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NCJRS Abstract

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NCJ Number: 75819 Find in a Library
Title: Value Implications of the Functional Theory of Deviance
Journal: Social Problems  Volume:28  Issue:3  Dated:(December 1980)  Pages:205-219
Author(s): C Wright; R E Hilbert
Date Published: 1980
Page Count: 15
Format: Article
Language: English
Country: United States of America
Annotation: According to this paper the functional theory of deviance should not be labelled as inherently conservative, even though it does not advocate changes in the status quo, since this theory identifies the existing institutional framework as the source of deviance.
Abstract: The functional theory traces deviance to the emphasis on the attainment of certain common success goals, while de-emphasizing the norms prescribing legitimate means for their attainment. This attitude also explains higher crime rates in the lower classes, whose access to legitimate means is limited. Thus, in explaining the emergence of deviance, the functional theory focuses upon social structure and implicates institutions basic to industrial society. Although such a description suggests a radical rather than conservative character of the theory, the theory may be considered as conservative because of its systemic basis. Since any alterations in society may have far reaching consequences, the theory does not advocate social change. Value judgments cannot be ascribed to the functional theory, because it merely pinpoints sources of the deviance and does not offer specific solutions. According to the theory, common success goals should not be eliminated, but rather should be diffused throughout the class structure. However, the liberal solution to goal diffusion, which involves the establishment of a meritocracy to equalize opportunity, is not viable within the framework of the theory. Functionally inevitable inequalities of power and wealth, combined with the persistence of functionally necessary remnants of community (such as family) will prevent the establishment of meritocracy and true equality of opportunity. The socialist and conservative solutions involve costs either in human freedom, or in economic production, or both. Such costs may be tolerable if they are not so severe as to involve a generalized decline in the vitality of the population. Footnotes and over 35 references are included.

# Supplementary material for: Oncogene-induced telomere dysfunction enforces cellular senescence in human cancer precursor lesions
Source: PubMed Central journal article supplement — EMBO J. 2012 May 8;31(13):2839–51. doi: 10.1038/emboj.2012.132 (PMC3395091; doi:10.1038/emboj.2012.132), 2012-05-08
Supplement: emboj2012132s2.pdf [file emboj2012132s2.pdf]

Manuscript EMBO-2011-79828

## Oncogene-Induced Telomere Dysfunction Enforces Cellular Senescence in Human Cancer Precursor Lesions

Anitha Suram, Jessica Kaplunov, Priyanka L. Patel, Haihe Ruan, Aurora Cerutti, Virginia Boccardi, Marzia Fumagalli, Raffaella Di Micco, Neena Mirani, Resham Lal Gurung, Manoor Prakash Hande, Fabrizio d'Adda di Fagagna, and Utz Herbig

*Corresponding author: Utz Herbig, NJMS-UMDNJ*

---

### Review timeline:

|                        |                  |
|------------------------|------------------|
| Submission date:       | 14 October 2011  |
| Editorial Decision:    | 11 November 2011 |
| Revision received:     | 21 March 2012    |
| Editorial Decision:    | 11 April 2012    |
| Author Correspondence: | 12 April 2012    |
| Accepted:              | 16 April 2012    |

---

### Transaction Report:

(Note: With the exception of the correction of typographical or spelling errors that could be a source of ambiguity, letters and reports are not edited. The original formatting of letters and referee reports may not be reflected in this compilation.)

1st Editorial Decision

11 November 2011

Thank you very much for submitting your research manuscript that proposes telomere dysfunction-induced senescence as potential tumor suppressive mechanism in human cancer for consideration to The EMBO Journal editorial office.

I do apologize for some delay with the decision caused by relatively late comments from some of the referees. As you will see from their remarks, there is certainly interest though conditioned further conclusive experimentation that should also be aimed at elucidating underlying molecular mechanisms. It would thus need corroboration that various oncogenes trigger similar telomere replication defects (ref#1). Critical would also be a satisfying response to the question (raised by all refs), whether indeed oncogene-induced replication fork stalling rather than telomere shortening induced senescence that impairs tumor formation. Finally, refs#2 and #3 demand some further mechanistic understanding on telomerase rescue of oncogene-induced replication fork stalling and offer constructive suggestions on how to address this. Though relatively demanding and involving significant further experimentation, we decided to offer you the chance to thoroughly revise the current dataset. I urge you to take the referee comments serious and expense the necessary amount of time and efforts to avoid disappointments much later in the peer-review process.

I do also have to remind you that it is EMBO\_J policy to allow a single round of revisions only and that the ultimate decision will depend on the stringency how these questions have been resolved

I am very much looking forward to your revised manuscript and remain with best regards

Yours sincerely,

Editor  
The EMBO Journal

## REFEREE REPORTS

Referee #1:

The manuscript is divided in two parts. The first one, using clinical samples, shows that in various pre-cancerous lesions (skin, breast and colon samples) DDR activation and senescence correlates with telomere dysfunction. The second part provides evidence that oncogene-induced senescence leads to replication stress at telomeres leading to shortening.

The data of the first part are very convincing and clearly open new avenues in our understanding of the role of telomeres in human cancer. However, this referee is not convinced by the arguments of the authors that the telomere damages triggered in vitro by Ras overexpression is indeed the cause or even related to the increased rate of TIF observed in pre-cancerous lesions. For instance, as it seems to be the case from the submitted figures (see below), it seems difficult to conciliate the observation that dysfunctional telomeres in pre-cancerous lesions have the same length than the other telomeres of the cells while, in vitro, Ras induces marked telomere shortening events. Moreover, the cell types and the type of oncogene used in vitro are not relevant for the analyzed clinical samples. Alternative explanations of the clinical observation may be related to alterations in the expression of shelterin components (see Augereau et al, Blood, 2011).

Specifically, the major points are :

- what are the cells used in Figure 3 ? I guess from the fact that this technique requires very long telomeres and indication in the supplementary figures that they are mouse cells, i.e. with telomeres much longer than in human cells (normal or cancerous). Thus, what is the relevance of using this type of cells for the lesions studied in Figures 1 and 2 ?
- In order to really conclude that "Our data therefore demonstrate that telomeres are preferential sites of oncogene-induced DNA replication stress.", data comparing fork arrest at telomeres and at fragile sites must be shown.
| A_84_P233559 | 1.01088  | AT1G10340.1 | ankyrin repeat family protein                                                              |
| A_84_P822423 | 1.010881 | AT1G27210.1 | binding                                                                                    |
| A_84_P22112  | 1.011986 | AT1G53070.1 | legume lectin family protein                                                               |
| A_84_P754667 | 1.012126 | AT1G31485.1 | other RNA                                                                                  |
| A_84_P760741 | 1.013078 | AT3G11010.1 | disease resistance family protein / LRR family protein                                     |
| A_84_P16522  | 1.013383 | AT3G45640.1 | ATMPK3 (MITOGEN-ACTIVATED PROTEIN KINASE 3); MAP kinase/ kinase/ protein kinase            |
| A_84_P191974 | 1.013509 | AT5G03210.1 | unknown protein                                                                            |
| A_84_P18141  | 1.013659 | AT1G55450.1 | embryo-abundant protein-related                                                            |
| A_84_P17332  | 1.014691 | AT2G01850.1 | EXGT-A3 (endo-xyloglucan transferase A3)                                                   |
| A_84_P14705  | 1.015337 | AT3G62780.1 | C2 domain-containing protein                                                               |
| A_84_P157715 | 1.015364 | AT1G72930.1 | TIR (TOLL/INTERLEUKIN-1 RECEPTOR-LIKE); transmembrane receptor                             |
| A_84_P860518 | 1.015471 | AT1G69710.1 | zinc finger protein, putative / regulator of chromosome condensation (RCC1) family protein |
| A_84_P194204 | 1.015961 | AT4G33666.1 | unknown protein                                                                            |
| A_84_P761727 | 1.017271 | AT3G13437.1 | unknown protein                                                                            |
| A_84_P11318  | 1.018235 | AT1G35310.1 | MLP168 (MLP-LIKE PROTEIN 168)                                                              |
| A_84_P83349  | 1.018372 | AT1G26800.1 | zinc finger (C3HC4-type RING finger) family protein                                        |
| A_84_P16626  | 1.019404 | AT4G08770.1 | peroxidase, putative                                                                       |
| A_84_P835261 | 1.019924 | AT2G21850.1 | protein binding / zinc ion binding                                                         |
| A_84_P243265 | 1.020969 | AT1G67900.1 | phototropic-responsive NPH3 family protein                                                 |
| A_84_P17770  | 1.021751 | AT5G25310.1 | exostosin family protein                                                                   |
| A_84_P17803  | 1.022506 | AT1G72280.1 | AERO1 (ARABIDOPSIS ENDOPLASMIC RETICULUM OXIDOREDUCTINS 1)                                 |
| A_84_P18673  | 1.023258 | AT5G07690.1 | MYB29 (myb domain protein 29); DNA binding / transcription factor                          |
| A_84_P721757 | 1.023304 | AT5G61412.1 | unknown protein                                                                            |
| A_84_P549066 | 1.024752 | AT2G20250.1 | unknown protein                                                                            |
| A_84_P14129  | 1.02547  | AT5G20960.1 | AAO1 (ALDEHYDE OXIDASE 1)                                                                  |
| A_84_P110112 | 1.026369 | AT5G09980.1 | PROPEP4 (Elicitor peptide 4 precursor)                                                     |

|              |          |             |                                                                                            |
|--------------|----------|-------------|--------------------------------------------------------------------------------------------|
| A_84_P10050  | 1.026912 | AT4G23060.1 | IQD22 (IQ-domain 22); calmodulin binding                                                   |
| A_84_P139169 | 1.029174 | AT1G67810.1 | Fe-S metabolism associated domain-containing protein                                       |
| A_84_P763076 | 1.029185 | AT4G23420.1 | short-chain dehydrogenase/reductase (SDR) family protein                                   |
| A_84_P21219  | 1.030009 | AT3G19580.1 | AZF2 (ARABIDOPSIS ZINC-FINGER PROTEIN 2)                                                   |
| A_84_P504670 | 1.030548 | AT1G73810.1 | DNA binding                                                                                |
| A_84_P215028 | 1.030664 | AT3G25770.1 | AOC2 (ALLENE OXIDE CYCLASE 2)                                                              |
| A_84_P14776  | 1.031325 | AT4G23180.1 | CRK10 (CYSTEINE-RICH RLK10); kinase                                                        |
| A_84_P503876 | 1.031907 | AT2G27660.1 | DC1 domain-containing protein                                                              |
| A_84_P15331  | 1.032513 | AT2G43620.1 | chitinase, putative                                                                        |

Index Term(s): Deviance; Economic analysis of crime; Functionalism; Marxism; Political influences; Social classes; Social organization
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